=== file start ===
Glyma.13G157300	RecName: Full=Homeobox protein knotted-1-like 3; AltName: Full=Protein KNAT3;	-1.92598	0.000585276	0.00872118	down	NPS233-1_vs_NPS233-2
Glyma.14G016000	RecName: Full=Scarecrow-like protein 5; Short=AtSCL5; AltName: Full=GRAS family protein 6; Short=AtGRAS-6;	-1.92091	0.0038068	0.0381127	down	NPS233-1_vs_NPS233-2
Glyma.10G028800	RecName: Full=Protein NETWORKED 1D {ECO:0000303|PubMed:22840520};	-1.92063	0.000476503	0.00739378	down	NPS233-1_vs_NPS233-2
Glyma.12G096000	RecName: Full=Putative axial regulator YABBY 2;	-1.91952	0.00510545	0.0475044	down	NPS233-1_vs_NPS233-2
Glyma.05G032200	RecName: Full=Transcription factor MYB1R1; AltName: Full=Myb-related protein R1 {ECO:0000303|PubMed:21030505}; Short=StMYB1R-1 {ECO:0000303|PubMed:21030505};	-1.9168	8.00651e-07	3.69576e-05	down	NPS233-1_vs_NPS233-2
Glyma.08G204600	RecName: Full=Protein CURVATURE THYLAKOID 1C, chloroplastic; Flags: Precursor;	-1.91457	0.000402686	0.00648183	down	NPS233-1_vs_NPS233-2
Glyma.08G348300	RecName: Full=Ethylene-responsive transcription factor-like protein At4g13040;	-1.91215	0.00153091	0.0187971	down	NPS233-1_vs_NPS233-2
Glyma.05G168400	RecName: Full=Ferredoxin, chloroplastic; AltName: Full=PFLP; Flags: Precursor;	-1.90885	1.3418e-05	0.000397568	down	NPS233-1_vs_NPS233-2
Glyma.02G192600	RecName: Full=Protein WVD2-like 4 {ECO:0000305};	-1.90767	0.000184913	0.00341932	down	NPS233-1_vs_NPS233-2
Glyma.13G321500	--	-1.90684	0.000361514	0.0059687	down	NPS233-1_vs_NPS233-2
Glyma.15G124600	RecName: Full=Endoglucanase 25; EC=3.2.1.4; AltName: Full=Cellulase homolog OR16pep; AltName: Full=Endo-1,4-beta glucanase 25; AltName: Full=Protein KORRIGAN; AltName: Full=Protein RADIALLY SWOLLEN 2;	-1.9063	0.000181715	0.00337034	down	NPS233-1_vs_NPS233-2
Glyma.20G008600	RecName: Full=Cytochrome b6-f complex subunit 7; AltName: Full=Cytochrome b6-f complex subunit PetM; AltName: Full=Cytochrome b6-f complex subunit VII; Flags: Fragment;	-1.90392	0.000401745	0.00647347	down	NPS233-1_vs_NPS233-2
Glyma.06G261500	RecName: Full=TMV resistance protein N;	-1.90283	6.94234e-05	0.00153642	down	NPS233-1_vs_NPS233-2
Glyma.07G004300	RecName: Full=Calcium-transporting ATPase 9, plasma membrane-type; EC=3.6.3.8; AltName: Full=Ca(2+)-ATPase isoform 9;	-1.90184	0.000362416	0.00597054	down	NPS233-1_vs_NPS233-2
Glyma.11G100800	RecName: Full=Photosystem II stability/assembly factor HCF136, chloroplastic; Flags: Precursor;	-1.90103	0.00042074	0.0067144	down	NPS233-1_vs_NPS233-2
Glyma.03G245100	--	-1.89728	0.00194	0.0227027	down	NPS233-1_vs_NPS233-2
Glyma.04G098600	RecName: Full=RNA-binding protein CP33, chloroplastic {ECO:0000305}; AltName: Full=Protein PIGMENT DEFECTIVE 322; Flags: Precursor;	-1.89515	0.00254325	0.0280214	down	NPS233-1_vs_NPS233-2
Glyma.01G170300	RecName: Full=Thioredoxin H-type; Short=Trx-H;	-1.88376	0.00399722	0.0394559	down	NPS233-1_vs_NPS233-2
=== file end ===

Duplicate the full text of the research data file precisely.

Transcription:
Glyma.13G157300	RecName: Full=Homeobox protein knotted-1-like 3; AltName: Full=Protein KNAT3;	-1.92598	0.000585276	0.00872118	down	NPS233-1_vs_NPS233-2
Glyma.14G016000	RecName: Full=Scarecrow-like protein 5; Short=AtSCL5; AltName: Full=GRAS family protein 6; Short=AtGRAS-6;	-1.92091	0.0038068	0.0381127	down	NPS233-1_vs_NPS233-2
Glyma.10G028800	RecName: Full=Protein NETWORKED 1D {ECO:0000303|PubMed:22840520};	-1.92063	0.000476503	0.00739378	down	NPS233-1_vs_NPS233-2
Glyma.12G096000	RecName: Full=Putative axial regulator YABBY 2;	-1.91952	0.00510545	0.0475044	down	NPS233-1_vs_NPS233-2
Glyma.05G032200	RecName: Full=Transcription factor MYB1R1; AltName: Full=Myb-related protein R1 {ECO:0000303|PubMed:21030505}; Short=StMYB1R-1 {ECO:0000303|PubMed:21030505};	-1.9168	8.00651e-07	3.69576e-05	down	NPS233-1_vs_NPS233-2
Glyma.08G204600	RecName: Full=Protein CURVATURE THYLAKOID 1C, chloroplastic; Flags: Precursor;	-1.91457	0.000402686	0.00648183	down	NPS233-1_vs_NPS233-2
Glyma.08G348300	RecName: Full=Ethylene-responsive transcription factor-like protein At4g13040;	-1.91215	0.00153091	0.0187971	down	NPS233-1_vs_NPS233-2
Glyma.05G168400	RecName: Full=Ferredoxin, chloroplastic; AltName: Full=PFLP; Flags: Precursor;	-1.90885	1.3418e-05	0.000397568	down	NPS233-1_vs_NPS233-2
Glyma.02G192600	RecName: Full=Protein WVD2-like 4 {ECO:0000305};	-1.90767	0.000184913	0.00341932	down	NPS233-1_vs_NPS233-2
Glyma.13G321500	--	-1.90684	0.000361514	0.0059687	down	NPS233-1_vs_NPS233-2
Glyma.15G124600	RecName: Full=Endoglucanase 25; EC=3.2.1.4; AltName: Full=Cellulase homolog OR16pep; AltName: Full=Endo-1,4-beta glucanase 25; AltName: Full=Protein KORRIGAN; AltName: Full=Protein RADIALLY SWOLLEN 2;	-1.9063	0.000181715	0.00337034	down	NPS233-1_vs_NPS233-2
Glyma.20G008600	RecName: Full=Cytochrome b6-f complex subunit 7; AltName: Full=Cytochrome b6-f complex subunit PetM; AltName: Full=Cytochrome b6-f complex subunit VII; Flags: Fragment;	-1.90392	0.000401745	0.00647347	down	NPS233-1_vs_NPS233-2
Glyma.06G261500	RecName: Full=TMV resistance protein N;	-1.90283	6.94234e-05	0.00153642	down	NPS233-1_vs_NPS233-2
Glyma.07G004300	RecName: Full=Calcium-transporting ATPase 9, plasma membrane-type; EC=3.6.3.8; AltName: Full=Ca(2+)-ATPase isoform 9;	-1.90184	0.000362416	0.00597054	down	NPS233-1_vs_NPS233-2
Glyma.11G100800	RecName: Full=Photosystem II stability/assembly factor HCF136, chloroplastic; Flags: Precursor;	-1.90103	0.00042074	0.0067144	down	NPS233-1_vs_NPS233-2
Glyma.03G245100	--	-1.89728	0.00194	0.0227027	down	NPS233-1_vs_NPS233-2
Glyma.04G098600	RecName: Full=RNA-binding protein CP33, chloroplastic {ECO:0000305}; AltName: Full=Protein PIGMENT DEFECTIVE 322; Flags: Precursor;	-1.89515	0.00254325	0.0280214	down	NPS233-1_vs_NPS233-2
Glyma.01G170300	RecName: Full=Thioredoxin H-type; Short=Trx-H;	-1.88376	0.00399722	0.0394559	down	NPS233-1_vs_NPS233-2